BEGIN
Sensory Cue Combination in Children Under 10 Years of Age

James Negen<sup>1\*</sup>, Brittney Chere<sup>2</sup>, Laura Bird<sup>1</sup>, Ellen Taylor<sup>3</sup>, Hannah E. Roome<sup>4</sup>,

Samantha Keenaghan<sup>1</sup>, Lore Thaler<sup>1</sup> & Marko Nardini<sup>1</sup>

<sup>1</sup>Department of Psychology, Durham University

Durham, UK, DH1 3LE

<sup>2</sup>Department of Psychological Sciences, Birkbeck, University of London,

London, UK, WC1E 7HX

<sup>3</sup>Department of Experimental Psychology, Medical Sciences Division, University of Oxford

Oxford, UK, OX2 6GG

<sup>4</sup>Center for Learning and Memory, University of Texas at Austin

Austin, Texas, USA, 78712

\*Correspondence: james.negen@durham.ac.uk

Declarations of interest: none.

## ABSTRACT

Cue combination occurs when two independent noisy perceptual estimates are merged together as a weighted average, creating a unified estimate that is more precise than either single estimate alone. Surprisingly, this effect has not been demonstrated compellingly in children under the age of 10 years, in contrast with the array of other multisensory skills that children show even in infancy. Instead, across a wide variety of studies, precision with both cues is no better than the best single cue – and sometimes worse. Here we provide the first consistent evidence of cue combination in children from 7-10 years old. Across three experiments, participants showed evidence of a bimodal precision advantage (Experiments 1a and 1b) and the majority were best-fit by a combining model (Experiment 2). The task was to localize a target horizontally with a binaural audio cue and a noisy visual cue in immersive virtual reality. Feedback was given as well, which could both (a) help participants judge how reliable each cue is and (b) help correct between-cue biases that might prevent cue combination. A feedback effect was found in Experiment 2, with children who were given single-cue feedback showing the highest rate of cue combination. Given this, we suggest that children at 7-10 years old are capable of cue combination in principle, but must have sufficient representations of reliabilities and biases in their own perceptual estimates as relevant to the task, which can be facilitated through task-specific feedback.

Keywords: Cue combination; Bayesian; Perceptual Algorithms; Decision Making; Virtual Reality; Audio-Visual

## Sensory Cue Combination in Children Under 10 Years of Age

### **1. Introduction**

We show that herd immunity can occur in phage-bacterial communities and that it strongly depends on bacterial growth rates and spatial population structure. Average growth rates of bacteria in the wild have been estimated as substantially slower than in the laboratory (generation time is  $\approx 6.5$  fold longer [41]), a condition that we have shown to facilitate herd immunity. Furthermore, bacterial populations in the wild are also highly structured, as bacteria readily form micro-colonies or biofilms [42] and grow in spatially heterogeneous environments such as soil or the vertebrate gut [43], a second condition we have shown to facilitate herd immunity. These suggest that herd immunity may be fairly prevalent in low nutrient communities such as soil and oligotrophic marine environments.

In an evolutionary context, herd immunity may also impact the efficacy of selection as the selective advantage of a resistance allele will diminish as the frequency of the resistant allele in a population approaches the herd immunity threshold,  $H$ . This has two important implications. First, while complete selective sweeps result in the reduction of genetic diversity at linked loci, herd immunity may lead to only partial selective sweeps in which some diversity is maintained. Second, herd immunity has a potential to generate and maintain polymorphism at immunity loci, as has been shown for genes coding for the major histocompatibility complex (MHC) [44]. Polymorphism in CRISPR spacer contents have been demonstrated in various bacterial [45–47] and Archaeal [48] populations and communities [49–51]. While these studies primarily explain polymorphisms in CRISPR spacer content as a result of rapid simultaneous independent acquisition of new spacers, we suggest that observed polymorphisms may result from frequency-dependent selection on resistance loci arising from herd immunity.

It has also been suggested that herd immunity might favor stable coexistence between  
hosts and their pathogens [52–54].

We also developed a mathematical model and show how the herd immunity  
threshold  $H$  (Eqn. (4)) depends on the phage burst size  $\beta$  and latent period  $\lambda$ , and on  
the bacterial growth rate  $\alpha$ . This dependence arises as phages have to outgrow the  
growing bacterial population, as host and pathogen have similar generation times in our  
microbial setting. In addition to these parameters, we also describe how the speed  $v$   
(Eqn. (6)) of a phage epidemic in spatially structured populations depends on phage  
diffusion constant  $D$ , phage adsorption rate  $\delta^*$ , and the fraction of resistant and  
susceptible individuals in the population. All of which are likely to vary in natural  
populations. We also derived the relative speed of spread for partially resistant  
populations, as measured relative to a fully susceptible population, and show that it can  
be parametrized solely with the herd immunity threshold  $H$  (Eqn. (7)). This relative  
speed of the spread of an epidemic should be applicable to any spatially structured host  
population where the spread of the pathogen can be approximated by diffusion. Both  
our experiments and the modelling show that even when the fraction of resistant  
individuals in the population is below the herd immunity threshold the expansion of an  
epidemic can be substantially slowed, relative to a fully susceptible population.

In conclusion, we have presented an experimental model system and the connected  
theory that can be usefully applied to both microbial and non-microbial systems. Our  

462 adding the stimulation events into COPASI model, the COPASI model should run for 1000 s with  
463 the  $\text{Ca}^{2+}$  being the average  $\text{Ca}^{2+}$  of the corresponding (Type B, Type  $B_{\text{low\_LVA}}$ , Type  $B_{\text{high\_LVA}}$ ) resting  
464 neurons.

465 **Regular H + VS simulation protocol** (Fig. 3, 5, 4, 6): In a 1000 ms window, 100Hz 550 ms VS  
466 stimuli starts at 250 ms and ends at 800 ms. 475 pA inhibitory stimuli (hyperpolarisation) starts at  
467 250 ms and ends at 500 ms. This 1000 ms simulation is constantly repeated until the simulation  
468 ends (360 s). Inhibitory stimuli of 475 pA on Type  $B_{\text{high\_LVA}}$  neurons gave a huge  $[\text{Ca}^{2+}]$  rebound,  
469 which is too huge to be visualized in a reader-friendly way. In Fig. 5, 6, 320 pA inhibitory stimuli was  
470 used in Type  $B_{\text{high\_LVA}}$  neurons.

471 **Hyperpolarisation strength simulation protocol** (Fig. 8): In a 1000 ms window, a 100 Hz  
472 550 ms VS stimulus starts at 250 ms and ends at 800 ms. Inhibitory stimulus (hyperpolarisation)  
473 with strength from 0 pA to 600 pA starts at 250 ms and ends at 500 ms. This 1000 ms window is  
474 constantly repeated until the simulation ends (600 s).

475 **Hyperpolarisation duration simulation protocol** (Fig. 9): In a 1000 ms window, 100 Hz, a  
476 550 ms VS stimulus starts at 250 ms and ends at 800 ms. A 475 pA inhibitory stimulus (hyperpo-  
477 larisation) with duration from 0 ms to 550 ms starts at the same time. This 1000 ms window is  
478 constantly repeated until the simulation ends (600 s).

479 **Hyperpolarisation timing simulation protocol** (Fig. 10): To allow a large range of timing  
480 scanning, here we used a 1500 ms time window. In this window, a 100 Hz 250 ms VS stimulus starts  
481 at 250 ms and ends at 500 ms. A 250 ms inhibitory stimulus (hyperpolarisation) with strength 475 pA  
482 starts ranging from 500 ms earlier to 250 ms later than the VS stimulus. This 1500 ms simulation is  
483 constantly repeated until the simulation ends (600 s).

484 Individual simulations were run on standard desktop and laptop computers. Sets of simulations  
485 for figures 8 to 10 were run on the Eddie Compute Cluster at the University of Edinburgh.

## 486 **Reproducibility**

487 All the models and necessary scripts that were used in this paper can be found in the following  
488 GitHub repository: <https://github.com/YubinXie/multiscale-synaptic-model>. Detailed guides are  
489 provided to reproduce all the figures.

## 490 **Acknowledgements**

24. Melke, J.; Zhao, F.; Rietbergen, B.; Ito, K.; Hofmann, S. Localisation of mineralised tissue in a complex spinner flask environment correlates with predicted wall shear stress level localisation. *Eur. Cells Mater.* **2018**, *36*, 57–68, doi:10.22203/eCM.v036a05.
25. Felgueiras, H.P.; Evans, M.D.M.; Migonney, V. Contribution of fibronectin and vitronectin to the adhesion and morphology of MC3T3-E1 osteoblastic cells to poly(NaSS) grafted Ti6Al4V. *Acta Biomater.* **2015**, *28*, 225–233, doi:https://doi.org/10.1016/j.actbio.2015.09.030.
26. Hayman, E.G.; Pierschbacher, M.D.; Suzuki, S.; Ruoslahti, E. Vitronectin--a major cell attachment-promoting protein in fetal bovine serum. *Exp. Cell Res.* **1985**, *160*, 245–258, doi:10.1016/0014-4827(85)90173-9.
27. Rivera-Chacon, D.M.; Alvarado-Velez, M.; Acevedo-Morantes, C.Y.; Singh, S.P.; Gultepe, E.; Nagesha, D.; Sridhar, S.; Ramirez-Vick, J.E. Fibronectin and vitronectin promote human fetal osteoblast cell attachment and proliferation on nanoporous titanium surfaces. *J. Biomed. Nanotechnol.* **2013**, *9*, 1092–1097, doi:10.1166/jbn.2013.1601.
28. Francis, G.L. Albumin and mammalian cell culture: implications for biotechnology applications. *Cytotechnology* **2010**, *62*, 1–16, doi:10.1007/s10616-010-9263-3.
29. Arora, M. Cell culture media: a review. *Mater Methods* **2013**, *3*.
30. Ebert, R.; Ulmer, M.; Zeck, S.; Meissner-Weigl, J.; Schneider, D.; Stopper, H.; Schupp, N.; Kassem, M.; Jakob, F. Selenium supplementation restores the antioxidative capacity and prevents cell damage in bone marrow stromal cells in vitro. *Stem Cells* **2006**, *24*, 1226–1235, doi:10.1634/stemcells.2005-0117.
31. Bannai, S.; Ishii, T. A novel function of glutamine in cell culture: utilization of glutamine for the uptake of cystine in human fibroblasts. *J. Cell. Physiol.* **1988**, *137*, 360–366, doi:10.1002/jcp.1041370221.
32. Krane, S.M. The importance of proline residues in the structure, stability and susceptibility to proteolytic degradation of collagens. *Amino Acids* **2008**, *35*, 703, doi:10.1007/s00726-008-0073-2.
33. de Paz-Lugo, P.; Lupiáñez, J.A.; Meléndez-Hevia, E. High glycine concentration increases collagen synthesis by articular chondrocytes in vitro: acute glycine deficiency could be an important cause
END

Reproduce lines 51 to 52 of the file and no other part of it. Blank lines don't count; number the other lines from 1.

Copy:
472 550 ms VS stimulus starts at 250 ms and ends at 800 ms. Inhibitory stimulus (hyperpolarisation)  
473 with strength from 0 pA to 600 pA starts at 250 ms and ends at 500 ms. This 1000 ms window is  